The fire-starter, Pheropsophus prodigium, is a species of bombardier beetles. Like its cousins, it can mix together hydroquinones and hydrogen peroxide to create a flammable substance. However, unlike its cousins, which only use this mechanism defensively, the fire-starter pro-actively makes use of its pyrolitic capabilities.
The fire-starter lives mainly off of smaller insects, hunting them around the small, newly-sprouted leaves that they eat. Given that the fire-starter lives near the deserts of Australia, most plants quickly harden to avoid dessication, and thus, the amount of prey diminishes, since the smaller insects cannot chew through the hardened outer layer of plants.
When prey density is low, fire-starters tend to aggregate. Once a critical population size is reached, the beetles will spread out in every direction, all the while using their abdomen to shoot out the flaming compound contained within their abdominal glands, and effectively setting their habitat on fire. One they have gone a certain distance, they dig holes in the ground, where they hide until the fire has past.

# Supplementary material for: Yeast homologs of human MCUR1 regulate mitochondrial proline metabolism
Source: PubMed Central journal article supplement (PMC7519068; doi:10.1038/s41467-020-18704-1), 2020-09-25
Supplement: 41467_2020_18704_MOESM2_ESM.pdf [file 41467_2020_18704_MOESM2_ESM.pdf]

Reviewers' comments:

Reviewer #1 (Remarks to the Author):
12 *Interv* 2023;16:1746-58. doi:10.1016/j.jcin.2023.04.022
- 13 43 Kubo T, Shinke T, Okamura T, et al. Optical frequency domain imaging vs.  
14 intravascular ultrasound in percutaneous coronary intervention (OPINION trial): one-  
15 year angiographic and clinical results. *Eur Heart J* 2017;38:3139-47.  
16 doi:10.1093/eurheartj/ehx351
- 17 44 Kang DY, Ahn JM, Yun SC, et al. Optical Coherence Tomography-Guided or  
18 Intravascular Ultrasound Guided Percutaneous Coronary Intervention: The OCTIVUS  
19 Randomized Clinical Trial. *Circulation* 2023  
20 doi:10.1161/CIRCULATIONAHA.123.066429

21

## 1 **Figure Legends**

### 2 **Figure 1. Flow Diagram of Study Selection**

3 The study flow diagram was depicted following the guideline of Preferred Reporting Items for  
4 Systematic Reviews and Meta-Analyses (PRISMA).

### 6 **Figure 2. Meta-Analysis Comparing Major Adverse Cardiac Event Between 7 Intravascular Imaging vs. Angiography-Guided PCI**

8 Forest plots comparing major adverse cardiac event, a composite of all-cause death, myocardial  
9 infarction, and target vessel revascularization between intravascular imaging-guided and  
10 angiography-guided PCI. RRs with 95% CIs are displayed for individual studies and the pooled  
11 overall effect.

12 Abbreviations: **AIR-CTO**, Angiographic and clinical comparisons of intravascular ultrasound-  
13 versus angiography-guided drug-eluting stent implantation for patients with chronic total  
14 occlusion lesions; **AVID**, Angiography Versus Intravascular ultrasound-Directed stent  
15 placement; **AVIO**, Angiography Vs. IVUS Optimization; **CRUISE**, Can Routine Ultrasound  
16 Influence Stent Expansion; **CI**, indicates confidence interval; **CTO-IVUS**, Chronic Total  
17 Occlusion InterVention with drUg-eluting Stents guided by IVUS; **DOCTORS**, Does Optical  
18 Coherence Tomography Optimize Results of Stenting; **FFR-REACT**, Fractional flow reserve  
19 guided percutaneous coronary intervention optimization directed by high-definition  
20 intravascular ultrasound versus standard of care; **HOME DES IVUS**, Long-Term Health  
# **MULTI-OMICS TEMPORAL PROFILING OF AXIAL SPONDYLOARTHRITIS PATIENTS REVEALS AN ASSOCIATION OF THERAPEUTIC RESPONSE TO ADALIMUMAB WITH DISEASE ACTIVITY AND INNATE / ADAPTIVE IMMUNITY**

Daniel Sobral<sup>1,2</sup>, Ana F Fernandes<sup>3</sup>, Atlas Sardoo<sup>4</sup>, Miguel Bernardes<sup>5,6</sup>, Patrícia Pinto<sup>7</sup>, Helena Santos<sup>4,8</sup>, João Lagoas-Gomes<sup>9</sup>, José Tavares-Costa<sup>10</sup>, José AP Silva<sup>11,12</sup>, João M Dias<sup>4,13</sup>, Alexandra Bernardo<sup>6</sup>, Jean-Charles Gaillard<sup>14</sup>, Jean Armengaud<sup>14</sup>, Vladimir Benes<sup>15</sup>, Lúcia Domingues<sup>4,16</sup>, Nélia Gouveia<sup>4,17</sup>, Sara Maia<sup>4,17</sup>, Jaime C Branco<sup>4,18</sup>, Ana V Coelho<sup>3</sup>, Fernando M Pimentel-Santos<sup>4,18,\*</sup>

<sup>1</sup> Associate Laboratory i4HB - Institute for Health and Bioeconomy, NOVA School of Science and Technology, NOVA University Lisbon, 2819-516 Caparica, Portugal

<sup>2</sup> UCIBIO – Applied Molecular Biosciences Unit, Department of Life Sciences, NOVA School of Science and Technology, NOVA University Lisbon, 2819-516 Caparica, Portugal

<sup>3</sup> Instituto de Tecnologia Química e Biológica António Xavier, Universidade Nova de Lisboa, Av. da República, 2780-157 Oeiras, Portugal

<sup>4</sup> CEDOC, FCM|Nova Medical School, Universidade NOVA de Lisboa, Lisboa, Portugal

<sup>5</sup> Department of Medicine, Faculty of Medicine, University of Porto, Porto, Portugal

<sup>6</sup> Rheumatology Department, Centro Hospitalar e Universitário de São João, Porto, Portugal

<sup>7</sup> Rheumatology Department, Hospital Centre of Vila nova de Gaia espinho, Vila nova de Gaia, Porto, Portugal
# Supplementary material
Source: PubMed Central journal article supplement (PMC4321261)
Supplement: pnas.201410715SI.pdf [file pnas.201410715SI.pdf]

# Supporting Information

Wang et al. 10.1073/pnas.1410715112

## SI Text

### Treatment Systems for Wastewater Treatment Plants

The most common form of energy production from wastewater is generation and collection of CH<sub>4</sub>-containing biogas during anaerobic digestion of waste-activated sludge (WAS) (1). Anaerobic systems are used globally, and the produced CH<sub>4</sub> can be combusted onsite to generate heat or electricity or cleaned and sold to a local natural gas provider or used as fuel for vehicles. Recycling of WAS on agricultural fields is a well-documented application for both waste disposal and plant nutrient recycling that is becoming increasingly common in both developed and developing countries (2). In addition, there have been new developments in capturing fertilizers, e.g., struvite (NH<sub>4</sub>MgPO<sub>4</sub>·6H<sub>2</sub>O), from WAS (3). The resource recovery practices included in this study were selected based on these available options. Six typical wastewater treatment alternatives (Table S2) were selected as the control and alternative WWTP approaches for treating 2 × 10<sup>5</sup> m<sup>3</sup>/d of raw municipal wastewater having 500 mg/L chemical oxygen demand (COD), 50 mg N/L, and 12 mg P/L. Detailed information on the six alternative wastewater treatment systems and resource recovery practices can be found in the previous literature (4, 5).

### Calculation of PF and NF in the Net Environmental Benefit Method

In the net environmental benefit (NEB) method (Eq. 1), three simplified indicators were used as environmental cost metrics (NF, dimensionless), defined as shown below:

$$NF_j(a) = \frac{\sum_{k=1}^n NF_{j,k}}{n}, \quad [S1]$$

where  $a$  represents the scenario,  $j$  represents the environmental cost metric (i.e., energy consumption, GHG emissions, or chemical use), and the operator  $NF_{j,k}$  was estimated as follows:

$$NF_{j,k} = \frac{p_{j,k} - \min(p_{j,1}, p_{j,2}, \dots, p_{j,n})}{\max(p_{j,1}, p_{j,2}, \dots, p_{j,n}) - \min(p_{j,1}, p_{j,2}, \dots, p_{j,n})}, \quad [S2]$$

The ashes left by the fire fertilize the soil, and as the new boughs of young plants start to appear, the fire-starter's prey find themselves with an abundance of food. As the population of their prey increases, so do the fire-starters, until the cycle starts again.
When the fire-starter was first discovered in the late nineteen-hundreds, it was considered a pest, and a highly dangerous insect. As such, it was killed on sight by settlers. But given their remote habitat, this did little to affect their population.
More damaging to the fire-starters, and the Australian ecosystem as a whole, was the increase of fires due to humans. This perturbed the cycle of growth and destruction that had been installed by the fire-starter, and the fragile equilibrium that had been established between prey, predator and feed. In response, the population of fire-starters declined rapidly during the whole of the XXth century, and in the last ten years, no sightings of the insect have been reported.
In an unrelated discovery, it has recently been understand that the fire-starters are an important part of aboriginal culture, where the insects where considered to be the keepers of the land, destroying the old to make room for the new.
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